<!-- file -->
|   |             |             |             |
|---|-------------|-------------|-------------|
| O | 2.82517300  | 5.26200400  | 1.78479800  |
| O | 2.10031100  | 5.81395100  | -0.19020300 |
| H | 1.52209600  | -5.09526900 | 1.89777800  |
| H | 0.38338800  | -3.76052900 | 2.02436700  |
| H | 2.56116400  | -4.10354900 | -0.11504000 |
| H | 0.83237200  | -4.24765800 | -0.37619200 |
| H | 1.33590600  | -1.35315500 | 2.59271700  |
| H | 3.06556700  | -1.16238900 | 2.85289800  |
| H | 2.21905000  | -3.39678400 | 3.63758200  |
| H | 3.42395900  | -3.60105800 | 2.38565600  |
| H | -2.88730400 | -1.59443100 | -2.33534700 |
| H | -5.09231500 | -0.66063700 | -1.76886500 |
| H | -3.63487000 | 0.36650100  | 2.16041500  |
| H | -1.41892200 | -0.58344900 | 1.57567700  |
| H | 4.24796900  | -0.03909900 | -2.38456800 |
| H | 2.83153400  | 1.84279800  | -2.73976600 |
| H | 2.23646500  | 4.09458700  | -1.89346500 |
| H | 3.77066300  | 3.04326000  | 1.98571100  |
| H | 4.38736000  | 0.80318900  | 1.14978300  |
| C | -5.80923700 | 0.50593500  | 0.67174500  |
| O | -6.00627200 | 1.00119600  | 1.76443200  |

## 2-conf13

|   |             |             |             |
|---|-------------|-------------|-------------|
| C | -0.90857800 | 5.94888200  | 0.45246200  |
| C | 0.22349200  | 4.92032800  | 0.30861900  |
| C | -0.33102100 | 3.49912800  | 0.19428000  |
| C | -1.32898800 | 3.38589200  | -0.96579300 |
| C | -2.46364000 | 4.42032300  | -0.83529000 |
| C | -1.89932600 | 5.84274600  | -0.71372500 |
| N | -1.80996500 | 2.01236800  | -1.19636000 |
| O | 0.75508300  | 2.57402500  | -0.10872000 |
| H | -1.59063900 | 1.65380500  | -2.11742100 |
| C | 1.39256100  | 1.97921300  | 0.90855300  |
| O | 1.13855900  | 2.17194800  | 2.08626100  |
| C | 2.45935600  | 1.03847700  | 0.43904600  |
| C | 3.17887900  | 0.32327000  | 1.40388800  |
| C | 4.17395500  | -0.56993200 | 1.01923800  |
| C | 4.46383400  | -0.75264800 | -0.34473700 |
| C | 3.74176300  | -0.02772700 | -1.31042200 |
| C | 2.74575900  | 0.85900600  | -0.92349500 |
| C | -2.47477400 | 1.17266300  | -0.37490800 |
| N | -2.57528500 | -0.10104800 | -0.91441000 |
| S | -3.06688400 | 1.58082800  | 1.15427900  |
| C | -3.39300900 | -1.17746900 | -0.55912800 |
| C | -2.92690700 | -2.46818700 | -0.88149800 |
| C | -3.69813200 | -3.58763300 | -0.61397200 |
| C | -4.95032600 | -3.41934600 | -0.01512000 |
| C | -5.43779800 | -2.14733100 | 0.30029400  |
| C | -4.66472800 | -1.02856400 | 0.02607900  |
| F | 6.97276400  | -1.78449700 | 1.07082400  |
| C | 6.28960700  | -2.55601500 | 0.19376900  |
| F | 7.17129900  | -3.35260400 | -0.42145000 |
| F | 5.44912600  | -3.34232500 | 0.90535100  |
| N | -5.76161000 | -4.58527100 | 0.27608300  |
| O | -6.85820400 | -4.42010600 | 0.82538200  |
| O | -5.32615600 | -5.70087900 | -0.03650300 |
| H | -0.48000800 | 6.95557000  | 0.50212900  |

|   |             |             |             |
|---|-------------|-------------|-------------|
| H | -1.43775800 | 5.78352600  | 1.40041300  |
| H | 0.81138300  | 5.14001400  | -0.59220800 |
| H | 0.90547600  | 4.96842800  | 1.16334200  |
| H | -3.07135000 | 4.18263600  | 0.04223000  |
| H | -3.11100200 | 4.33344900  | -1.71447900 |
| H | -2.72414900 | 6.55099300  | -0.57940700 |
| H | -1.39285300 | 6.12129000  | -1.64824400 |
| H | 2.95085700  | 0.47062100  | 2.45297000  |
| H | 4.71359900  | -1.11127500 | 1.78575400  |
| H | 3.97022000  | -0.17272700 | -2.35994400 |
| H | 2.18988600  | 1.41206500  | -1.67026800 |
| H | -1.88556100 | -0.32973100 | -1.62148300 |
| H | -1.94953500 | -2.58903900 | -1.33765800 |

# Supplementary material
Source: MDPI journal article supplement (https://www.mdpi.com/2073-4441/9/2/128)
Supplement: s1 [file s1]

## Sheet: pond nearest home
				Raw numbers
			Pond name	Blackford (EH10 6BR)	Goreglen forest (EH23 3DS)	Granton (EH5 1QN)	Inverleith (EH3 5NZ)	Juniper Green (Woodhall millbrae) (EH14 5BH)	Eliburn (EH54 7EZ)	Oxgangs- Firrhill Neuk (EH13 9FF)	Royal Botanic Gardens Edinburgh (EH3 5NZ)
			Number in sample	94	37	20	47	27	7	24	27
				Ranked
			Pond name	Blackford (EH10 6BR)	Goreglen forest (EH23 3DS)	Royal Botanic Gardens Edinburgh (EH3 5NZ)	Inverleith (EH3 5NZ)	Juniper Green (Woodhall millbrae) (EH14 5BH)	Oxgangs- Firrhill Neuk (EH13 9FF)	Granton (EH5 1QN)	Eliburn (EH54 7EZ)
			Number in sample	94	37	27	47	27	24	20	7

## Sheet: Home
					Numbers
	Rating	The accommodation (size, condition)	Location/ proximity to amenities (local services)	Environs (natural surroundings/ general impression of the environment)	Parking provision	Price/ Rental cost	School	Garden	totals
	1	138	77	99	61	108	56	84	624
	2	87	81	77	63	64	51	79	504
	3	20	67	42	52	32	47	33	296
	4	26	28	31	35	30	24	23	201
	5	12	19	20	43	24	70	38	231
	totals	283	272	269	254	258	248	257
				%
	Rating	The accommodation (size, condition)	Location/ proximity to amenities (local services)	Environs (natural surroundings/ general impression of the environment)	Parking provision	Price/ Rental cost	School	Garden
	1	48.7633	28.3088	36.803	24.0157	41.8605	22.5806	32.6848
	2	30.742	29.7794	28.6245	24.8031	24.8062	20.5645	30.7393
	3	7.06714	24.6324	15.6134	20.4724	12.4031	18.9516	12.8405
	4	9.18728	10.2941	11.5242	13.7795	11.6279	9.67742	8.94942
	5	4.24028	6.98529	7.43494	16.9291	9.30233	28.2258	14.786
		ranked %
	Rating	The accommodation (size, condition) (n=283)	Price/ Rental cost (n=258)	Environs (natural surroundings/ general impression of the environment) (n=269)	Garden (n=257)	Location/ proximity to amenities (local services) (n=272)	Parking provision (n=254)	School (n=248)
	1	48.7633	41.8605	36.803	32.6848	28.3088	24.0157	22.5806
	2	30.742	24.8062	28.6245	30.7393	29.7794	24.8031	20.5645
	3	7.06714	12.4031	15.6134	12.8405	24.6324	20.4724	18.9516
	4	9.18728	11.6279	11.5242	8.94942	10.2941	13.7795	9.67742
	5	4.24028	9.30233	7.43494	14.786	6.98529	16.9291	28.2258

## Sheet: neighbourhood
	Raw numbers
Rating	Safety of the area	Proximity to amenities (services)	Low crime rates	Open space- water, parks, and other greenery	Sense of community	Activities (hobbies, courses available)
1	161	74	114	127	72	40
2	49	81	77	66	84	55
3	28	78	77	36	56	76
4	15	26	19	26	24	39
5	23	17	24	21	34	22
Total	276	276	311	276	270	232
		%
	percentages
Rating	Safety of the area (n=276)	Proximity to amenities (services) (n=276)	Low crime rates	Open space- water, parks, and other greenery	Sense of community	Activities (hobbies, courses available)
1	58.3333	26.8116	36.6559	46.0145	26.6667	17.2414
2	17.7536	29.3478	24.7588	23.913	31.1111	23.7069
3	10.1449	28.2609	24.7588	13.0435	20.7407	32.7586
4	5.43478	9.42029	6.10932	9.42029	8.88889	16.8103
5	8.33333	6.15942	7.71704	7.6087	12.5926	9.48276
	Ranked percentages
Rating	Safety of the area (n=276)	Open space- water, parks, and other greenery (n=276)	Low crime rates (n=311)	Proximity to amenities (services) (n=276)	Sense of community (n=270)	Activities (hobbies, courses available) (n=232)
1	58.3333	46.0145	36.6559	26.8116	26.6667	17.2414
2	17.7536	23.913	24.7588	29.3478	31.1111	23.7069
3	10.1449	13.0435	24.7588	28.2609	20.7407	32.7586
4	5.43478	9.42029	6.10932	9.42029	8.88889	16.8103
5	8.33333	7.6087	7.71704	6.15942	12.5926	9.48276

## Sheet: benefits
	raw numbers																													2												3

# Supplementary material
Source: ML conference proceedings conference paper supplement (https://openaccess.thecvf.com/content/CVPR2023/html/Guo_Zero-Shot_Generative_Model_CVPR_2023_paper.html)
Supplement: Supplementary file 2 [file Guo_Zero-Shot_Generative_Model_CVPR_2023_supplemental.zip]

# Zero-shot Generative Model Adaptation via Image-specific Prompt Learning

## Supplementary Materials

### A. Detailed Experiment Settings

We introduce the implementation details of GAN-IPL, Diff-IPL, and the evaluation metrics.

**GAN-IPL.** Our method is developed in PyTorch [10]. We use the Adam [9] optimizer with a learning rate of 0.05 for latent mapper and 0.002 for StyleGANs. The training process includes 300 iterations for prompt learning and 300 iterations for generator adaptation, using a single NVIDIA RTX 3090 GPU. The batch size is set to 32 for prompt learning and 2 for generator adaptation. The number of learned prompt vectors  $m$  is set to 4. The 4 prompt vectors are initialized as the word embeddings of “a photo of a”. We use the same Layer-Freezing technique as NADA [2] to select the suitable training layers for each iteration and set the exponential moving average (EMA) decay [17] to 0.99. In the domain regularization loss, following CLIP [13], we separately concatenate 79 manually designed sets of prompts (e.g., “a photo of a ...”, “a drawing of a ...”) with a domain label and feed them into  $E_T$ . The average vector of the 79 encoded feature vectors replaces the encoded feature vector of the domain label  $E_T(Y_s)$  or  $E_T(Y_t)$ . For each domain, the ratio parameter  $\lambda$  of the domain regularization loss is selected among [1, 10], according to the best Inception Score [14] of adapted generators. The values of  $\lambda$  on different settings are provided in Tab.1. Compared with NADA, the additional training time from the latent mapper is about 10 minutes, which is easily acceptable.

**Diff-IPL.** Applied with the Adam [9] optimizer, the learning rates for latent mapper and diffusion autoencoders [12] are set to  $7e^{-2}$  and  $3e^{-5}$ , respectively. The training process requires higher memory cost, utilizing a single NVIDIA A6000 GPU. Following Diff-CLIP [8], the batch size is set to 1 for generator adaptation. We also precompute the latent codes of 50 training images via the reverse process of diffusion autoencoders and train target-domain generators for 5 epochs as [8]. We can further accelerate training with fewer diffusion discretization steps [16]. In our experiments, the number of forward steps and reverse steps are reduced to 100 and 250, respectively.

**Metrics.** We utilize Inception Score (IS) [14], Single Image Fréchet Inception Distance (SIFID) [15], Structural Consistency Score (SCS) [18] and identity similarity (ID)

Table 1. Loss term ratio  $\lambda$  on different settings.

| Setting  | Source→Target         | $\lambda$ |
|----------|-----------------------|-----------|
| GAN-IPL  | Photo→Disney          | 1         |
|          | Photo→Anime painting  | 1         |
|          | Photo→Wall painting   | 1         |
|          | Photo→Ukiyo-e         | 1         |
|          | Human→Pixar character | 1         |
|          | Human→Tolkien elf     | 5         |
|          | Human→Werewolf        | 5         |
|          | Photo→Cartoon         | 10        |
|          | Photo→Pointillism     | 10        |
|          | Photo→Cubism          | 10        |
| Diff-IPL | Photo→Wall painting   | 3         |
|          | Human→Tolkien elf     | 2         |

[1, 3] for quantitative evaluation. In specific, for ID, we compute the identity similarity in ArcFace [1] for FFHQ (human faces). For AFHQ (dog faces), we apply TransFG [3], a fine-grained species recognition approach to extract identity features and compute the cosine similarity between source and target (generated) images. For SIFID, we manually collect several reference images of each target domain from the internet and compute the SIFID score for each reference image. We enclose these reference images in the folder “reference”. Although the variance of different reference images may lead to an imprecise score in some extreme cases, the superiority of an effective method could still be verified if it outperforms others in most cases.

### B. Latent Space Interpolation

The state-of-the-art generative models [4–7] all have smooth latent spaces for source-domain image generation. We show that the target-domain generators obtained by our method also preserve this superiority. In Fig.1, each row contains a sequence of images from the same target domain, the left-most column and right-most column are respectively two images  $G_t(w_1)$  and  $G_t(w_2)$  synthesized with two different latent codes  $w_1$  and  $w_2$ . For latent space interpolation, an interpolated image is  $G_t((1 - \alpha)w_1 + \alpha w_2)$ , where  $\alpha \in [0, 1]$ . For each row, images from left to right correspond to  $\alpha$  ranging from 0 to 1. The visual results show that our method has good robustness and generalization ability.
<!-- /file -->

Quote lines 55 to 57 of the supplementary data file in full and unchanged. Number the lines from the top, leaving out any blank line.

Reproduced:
| F | 7.17129900  | -3.35260400 | -0.42145000 |
| F | 5.44912600  | -3.34232500 | 0.90535100  |
| N | -5.76161000 | -4.58527100 | 0.27608300  |